COURTESY NINA YOUNG Students displayed an art piece countering anti-Semitic vandalism for one day in Red Square on Oct. 17, 2017. The artists and university administrators are now seeking a long-term location for the installation.

Students are working with Georgetown University administrators to find a long-term location for the Love In”stall”ation, a one-day art installation created October 2017 in the wake of anti-Semitic and misogynistic graffiti found in LXRHall and Village C West in September 2017.

On four separate occasions, swastikas were graffitied on surfaces in several Georgetown residence halls. Swastikas were found twice painted in an LXR bathroom, alongside violent threats against women, as well as in an LXR elevator. An additional swastika was carved into an elevator in Village C West.

In response, Percy Metcalfe (SFS ’19)and Rebecca Kuang (SFS ’18) and Nina Young (SFS ’19) created the Love In“stall”ation to counter the vandalism. The inspiration for the art installation developed from a midterm project the group had during “Media, Arts, and Culture: Fueling War or Creating Peace?,” an upper-level culture and politics course taught by adjunct professor Honey Al-Sayed.

Based off Paintack, a German campaign which sought to transform swastikas throughout Berlin into other illustrations using graffiti, the art piece is a bathroom stall that was on display for one day in Red Square on Oct. 17, 2017. While it was on display, students were encouraged to write positive messages of acceptance on the stall.

The materials for the project were provided by the Office of Residential Living and Georgetown University Student Association. The project’s organizers had expected a bathroom stall that had recently collapsed in the ICC, but instead, Residential Living constructed a new stall specially for the project. The rest of the materials were provided by GUSA.

“Res Living essentially built a bathroom stall for us in Red Square,” Young said. “GUSA supplied the markers and paint and all the different stuff that students used to draw on it.”

The piece has since sat in GUSA’s Leavey Center office, but the creators are now advocating for it to become a permanent installation at the university.

“This piece could only be created through the kind thoughts and intentions of every Georgetown student who advocates against hate speech and anti-Semitism on campus,” Young wrote in an email to The Hoya. “It is representative of a collective culture that does not stand for hate on our campus. That is why it deserves a place.”

Young, a main proponent for the project’s permanent installation, said she feels it speaks positively to the character of Georgetown’s student body.

“It’s a great testament to the fact that students at Georgetown, despite being incredibly busy, are super supportive,” Young said.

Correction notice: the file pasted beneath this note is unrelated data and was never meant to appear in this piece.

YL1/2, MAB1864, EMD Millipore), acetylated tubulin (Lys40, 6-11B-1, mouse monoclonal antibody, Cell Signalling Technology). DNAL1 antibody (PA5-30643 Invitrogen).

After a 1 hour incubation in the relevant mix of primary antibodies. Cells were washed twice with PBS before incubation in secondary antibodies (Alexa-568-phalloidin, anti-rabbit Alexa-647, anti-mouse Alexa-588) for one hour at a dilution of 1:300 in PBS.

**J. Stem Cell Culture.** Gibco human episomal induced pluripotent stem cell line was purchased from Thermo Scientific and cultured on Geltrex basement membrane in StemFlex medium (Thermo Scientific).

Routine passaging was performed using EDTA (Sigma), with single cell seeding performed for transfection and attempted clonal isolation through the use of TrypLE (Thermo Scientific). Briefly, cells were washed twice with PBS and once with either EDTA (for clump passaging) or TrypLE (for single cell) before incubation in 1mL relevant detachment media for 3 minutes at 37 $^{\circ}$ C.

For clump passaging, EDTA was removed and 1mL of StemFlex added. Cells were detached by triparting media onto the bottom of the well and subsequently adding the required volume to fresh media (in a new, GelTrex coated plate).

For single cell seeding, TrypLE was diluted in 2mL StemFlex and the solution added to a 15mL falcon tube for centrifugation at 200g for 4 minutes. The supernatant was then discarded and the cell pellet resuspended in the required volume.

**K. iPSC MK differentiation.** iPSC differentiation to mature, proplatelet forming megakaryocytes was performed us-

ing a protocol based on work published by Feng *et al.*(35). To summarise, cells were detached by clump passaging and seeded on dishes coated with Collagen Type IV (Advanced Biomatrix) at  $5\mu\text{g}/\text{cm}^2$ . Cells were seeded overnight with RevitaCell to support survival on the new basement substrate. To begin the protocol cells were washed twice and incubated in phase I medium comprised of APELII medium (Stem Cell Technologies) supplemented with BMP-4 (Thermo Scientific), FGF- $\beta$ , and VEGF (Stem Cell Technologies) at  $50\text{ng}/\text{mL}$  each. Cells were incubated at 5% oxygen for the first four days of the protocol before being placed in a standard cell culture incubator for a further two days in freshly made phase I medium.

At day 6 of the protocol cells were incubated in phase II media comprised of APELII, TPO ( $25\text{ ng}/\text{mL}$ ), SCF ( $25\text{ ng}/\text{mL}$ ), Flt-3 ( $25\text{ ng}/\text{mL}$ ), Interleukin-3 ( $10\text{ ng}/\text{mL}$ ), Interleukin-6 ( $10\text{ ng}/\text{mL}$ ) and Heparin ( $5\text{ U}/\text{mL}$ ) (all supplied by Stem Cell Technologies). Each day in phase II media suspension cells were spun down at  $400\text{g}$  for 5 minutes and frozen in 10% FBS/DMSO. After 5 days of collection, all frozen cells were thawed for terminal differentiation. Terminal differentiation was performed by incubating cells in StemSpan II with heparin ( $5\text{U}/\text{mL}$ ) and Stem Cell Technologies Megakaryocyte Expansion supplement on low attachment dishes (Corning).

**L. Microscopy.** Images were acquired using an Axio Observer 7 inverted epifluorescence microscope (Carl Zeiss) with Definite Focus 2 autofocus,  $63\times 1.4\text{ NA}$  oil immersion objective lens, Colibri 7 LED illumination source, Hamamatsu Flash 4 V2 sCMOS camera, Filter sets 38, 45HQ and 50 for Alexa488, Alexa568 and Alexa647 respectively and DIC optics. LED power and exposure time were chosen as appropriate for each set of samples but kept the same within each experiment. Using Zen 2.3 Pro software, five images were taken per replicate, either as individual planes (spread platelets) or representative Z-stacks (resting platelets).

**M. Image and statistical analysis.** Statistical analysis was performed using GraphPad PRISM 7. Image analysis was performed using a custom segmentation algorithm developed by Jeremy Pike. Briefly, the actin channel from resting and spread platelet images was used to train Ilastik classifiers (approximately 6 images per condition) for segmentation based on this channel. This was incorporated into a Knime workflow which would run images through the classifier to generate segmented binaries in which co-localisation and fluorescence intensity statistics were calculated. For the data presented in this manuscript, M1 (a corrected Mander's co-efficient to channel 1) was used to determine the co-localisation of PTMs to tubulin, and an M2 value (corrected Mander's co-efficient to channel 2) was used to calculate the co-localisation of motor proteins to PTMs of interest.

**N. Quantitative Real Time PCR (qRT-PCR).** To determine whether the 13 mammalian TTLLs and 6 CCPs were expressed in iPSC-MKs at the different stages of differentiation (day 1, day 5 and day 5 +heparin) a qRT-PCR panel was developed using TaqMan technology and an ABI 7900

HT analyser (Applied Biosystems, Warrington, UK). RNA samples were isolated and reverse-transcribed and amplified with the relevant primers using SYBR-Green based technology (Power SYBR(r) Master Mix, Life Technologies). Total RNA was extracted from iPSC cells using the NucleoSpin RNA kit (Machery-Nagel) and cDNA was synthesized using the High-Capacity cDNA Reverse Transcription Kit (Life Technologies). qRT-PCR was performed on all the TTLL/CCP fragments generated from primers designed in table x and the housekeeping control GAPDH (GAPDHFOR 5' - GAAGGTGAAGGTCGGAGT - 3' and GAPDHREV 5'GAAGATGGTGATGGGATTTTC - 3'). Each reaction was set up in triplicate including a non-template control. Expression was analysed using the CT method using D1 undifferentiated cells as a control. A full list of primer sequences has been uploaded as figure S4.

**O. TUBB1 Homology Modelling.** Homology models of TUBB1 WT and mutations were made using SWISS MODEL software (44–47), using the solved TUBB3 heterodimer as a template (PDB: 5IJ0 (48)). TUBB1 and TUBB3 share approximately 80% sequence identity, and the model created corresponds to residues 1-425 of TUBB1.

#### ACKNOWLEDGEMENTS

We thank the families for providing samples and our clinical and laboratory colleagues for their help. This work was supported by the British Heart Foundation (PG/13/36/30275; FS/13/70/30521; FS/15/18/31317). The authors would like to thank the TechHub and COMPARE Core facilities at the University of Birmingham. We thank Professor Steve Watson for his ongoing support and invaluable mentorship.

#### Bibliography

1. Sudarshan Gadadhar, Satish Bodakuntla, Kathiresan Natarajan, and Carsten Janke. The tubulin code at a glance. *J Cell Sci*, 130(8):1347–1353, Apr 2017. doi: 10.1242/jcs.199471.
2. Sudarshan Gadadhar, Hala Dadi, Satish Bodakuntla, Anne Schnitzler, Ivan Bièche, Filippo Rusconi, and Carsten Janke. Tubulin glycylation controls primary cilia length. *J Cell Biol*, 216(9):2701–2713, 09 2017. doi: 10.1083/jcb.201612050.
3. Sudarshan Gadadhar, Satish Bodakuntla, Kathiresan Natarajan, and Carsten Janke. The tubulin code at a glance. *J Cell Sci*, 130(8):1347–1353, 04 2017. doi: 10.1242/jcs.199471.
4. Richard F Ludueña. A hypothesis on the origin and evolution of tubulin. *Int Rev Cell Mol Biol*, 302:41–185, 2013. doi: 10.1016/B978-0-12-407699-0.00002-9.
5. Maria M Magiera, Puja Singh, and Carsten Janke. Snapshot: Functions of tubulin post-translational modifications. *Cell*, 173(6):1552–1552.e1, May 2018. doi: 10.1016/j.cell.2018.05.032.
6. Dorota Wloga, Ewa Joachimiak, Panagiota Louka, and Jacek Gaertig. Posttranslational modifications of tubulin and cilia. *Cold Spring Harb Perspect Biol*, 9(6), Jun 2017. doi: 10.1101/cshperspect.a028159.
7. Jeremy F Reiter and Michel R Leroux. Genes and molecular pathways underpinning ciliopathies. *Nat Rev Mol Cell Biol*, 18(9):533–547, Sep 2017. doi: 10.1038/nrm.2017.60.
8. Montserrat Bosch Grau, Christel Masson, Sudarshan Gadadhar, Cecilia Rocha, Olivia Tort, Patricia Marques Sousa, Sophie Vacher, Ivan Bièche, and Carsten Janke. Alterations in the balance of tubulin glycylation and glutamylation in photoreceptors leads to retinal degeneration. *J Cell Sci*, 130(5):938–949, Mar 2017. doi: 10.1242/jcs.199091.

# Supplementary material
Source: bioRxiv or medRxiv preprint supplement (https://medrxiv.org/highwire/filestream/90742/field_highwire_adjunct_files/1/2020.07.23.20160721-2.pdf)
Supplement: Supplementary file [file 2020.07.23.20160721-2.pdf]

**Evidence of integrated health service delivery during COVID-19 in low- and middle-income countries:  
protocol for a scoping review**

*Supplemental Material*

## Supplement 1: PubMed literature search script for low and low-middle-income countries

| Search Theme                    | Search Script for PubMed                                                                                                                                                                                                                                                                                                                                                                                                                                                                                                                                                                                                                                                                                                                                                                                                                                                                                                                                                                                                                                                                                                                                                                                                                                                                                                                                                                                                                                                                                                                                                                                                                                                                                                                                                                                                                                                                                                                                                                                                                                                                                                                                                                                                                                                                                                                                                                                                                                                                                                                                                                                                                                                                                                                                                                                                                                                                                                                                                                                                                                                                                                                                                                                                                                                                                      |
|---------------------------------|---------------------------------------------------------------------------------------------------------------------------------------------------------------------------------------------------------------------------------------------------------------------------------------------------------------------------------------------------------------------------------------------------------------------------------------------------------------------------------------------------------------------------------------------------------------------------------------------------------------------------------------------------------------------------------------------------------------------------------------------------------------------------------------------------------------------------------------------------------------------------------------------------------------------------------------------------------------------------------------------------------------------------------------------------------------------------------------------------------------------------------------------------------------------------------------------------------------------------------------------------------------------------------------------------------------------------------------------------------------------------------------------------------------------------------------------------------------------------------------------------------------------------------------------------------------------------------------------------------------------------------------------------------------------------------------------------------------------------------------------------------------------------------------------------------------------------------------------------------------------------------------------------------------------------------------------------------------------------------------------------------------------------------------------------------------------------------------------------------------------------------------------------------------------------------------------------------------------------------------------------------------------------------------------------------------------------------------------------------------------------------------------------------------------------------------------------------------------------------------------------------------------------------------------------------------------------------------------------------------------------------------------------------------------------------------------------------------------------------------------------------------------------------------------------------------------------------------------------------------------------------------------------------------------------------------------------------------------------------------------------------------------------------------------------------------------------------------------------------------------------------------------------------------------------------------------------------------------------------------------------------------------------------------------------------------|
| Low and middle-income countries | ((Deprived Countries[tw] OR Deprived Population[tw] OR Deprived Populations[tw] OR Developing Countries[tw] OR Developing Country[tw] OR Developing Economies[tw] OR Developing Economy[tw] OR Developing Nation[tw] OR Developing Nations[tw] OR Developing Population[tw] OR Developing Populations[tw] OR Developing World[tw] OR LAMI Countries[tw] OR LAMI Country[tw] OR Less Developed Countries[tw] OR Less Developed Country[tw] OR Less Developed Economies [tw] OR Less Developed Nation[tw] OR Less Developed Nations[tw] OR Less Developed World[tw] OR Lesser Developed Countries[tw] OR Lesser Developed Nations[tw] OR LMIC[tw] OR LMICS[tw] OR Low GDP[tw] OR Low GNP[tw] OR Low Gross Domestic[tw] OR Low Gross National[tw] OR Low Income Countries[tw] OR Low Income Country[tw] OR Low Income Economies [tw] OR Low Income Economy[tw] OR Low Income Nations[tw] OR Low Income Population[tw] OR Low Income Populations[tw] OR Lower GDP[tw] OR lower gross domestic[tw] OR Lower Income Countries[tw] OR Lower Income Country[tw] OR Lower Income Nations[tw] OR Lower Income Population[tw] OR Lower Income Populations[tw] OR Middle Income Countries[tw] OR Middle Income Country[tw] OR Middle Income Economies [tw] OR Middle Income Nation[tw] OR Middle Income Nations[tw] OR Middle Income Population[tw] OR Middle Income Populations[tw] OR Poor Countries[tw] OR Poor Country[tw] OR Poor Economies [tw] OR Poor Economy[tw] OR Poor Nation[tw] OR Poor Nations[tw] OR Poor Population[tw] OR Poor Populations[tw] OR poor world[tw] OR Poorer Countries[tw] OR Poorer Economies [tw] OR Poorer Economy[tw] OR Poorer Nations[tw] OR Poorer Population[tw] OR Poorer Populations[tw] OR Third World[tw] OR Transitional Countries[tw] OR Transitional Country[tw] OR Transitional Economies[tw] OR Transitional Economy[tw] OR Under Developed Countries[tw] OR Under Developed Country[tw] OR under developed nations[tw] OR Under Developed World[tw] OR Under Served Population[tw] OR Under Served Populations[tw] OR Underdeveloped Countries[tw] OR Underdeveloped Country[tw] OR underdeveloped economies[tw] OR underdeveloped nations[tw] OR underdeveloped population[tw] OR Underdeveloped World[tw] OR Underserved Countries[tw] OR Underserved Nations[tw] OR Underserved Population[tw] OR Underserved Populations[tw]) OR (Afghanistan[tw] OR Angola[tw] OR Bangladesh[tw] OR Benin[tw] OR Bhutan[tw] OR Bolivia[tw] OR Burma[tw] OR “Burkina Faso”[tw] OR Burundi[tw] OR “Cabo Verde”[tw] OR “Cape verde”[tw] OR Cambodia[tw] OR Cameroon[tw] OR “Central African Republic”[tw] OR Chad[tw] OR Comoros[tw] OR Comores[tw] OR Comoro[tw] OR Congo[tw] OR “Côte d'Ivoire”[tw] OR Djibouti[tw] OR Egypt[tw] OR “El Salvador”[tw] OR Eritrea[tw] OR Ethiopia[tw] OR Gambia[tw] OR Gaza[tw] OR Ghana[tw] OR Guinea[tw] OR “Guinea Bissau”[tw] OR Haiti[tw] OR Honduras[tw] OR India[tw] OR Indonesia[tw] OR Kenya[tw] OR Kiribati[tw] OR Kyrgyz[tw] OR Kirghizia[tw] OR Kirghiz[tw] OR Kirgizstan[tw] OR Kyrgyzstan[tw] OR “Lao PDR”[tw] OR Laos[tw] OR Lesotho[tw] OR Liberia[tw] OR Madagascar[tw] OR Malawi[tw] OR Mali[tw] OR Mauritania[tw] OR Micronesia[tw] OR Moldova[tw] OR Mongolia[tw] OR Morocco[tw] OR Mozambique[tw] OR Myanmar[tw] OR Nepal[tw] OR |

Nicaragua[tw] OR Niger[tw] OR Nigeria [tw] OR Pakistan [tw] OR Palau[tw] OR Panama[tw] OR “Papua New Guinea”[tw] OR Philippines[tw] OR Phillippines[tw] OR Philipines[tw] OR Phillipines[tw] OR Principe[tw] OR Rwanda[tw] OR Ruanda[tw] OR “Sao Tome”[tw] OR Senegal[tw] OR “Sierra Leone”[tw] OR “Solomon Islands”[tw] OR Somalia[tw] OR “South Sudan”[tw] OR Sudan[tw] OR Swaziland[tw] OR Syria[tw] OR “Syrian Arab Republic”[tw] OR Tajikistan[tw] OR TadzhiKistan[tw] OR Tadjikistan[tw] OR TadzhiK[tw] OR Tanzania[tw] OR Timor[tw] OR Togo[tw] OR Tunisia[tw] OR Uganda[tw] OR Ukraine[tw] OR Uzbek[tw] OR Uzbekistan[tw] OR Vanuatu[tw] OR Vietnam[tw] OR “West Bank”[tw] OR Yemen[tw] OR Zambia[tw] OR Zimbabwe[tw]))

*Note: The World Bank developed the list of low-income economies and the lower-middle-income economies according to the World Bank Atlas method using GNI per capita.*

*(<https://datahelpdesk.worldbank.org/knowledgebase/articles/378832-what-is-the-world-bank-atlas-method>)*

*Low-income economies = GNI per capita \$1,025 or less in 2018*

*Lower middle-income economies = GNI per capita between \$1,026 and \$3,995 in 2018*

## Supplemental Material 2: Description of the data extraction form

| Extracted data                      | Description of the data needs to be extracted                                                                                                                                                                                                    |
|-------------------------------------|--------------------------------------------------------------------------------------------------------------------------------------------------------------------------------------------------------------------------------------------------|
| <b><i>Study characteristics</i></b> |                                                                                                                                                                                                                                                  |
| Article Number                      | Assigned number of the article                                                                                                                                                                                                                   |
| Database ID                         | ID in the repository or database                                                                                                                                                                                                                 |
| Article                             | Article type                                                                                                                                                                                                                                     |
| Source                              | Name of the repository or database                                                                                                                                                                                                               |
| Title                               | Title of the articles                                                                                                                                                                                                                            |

The 11-month gap between the work’s installation and the renewed push for permanent exhibition stems from Young’s absence from campus last semester while she studied abroad, she said.

The project was relocated to the GUSA office in the Leavey Center during her absence. Upon her return to campus this summer, she began working with Katie Heather, the associate director of residential education, to have it installed permanently on campus.

“We have had a couple of meetings about it, and I’ve reached out to a lot of different people, and it seems like it’s gonna happen,” Young said. “But I don’t know, because right now it’s under review by — apparently, the President’s office has a committee that decides whether or not student artwork can be displayed on campus.”

Where exactly the project would stand is still up in the air. If approved, it will likely end up outdoors, although that plan presents the risk of damage from weather, Young said.

“If we did put it somewhere outside, somewhere where I feel like it would fit in — somewhere like Alumni Square or something like that — I worry that it would be damaged, so I’d probably have to get some wear-and-tear primer for it if we were going to put it outside,” Young said. “But I’d be perfectly willing to do that.”

When the installation appeared in Red Square, it was monitored by students involved in the project who encouraged passersby to write positive notes on the stall, according to Young.

“I think we were out there for eight hours, or something insane,” Young said. “The entire stall ended up getting covered in really nice notes, drawings, messages. We felt like it was a success.”

Although Young was not a member of the group that thought of the idea for the initial class project, she was the strongest voice pushing for the project’s implementation, Metcalfe said.

“Nina — she’s a doer, and literally within an hour of the class ending, she was like, ‘Let’s do this,’” Metcalfe said.

Metcalfe credited Young with the rapid installation of the project in October, which was accomplished just a week after the project was due for Al-Sayed’s class.

“I think [Nina] knows that if you don’t do something really fast with Georgetown bureaucracy, it just never happens,” Metcalfe said. “So she was like, ‘Go, go, go, go!’ And she went, went, went, went.”

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